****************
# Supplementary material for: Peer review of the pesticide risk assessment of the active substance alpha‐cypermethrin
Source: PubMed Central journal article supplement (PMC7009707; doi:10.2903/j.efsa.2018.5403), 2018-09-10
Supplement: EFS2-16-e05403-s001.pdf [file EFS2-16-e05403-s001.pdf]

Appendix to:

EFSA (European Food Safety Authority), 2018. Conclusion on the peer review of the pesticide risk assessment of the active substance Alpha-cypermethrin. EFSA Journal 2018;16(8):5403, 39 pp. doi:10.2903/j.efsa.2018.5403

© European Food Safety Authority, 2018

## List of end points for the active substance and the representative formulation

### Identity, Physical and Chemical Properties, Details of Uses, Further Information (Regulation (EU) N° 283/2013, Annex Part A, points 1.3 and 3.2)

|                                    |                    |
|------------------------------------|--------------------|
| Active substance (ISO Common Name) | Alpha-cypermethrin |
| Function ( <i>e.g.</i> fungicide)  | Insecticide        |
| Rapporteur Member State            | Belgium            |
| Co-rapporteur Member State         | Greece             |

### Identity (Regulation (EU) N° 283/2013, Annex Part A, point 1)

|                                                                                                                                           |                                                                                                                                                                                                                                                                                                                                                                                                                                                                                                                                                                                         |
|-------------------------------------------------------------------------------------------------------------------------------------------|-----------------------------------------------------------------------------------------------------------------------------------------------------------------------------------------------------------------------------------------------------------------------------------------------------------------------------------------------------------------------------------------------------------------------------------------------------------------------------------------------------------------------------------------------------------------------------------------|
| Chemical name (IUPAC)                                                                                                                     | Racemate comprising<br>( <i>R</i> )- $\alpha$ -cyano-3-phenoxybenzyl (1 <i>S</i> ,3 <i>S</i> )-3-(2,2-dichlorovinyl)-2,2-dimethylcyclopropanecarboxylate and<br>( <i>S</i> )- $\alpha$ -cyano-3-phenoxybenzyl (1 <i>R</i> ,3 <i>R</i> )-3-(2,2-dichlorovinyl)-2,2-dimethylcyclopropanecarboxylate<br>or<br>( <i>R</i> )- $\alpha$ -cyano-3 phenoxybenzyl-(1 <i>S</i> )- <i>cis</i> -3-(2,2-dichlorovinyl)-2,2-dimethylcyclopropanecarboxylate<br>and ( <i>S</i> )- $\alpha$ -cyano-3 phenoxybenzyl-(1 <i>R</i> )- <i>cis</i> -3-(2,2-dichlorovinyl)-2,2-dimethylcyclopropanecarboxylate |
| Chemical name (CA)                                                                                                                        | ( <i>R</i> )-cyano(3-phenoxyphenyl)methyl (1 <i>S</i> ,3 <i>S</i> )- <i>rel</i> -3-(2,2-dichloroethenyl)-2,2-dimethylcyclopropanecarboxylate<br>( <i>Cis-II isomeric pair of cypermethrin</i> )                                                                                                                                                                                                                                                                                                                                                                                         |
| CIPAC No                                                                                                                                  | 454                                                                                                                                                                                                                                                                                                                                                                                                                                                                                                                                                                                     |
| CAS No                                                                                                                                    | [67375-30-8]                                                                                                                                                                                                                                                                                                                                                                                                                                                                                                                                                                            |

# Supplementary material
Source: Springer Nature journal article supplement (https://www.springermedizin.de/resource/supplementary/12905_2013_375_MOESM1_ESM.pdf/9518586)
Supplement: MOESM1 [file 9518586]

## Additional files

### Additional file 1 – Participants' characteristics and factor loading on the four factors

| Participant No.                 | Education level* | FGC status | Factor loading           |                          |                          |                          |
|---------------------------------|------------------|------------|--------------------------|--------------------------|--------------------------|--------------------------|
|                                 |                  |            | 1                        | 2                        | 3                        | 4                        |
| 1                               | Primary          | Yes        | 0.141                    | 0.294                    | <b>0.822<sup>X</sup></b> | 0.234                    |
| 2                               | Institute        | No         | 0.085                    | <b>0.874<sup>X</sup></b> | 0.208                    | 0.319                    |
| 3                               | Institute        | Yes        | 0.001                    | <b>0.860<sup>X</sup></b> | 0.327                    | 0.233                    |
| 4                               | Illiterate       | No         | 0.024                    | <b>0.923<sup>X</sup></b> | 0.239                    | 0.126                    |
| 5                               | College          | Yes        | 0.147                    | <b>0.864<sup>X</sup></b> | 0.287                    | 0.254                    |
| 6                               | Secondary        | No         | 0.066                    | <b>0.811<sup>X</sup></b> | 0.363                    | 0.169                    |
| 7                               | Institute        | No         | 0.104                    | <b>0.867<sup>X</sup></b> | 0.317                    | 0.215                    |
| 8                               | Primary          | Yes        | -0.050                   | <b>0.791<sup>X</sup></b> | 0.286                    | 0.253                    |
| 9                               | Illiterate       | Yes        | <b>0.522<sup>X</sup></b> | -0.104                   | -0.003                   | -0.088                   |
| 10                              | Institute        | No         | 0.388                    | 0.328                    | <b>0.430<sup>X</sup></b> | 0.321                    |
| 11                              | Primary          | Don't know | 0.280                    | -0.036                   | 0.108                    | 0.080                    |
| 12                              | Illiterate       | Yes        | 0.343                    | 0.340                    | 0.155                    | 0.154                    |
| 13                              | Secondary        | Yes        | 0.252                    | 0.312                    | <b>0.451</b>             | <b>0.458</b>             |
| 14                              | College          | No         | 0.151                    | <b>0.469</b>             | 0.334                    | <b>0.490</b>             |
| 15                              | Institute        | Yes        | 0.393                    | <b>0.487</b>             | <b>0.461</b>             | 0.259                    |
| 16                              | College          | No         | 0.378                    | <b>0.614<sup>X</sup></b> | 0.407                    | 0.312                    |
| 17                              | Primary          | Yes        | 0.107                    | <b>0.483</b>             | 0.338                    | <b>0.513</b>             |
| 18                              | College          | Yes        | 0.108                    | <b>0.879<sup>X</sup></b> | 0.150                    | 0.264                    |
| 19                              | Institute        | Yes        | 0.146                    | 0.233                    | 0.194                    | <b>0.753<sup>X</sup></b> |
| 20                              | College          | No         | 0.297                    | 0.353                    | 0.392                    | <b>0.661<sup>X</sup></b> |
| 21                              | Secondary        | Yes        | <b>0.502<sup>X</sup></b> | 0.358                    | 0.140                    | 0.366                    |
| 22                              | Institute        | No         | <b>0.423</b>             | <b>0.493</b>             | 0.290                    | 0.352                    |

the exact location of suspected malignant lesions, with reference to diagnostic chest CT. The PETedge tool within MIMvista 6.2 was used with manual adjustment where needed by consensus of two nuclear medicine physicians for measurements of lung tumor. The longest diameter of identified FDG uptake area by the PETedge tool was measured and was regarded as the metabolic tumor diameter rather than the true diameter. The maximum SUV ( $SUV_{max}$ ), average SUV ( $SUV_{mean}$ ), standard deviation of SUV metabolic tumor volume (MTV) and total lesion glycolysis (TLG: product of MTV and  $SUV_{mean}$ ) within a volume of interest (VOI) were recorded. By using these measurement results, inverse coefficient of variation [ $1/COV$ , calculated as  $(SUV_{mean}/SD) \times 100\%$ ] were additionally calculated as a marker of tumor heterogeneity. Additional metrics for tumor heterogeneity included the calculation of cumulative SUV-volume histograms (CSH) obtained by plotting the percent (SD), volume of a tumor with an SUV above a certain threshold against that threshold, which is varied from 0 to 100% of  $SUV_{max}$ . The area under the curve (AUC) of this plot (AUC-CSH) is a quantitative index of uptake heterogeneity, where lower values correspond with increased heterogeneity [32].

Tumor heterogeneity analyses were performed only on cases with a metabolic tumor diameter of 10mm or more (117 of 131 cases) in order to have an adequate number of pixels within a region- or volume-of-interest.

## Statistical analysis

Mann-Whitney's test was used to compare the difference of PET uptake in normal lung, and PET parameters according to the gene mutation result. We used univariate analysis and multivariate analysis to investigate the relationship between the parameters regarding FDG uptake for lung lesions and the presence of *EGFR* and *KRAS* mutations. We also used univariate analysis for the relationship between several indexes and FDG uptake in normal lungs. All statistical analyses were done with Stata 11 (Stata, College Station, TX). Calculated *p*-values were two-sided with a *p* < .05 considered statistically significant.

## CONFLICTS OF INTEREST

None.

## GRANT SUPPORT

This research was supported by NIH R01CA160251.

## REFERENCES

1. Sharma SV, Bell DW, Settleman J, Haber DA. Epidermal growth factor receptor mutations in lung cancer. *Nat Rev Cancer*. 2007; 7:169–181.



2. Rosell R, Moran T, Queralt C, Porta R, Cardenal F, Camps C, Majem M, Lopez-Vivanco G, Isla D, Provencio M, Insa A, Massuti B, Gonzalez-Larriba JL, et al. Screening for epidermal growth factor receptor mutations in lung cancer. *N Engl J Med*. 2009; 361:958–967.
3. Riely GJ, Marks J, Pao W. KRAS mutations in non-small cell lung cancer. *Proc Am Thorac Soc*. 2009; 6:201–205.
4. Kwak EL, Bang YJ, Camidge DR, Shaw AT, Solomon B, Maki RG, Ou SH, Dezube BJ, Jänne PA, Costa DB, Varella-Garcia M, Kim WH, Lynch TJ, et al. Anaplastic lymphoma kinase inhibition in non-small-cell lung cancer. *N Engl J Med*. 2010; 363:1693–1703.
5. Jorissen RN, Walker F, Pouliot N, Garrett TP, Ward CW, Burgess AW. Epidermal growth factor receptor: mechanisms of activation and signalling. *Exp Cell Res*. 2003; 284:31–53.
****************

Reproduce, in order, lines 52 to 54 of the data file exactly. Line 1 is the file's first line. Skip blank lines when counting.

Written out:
the exact location of suspected malignant lesions, with reference to diagnostic chest CT. The PETedge tool within MIMvista 6.2 was used with manual adjustment where needed by consensus of two nuclear medicine physicians for measurements of lung tumor. The longest diameter of identified FDG uptake area by the PETedge tool was measured and was regarded as the metabolic tumor diameter rather than the true diameter. The maximum SUV ( $SUV_{max}$ ), average SUV ( $SUV_{mean}$ ), standard deviation of SUV metabolic tumor volume (MTV) and total lesion glycolysis (TLG: product of MTV and  $SUV_{mean}$ ) within a volume of interest (VOI) were recorded. By using these measurement results, inverse coefficient of variation [ $1/COV$ , calculated as  $(SUV_{mean}/SD) \times 100\%$ ] were additionally calculated as a marker of tumor heterogeneity. Additional metrics for tumor heterogeneity included the calculation of cumulative SUV-volume histograms (CSH) obtained by plotting the percent (SD), volume of a tumor with an SUV above a certain threshold against that threshold, which is varied from 0 to 100% of  $SUV_{max}$ . The area under the curve (AUC) of this plot (AUC-CSH) is a quantitative index of uptake heterogeneity, where lower values correspond with increased heterogeneity [32].

Tumor heterogeneity analyses were performed only on cases with a metabolic tumor diameter of 10mm or more (117 of 131 cases) in order to have an adequate number of pixels within a region- or volume-of-interest.

## Statistical analysis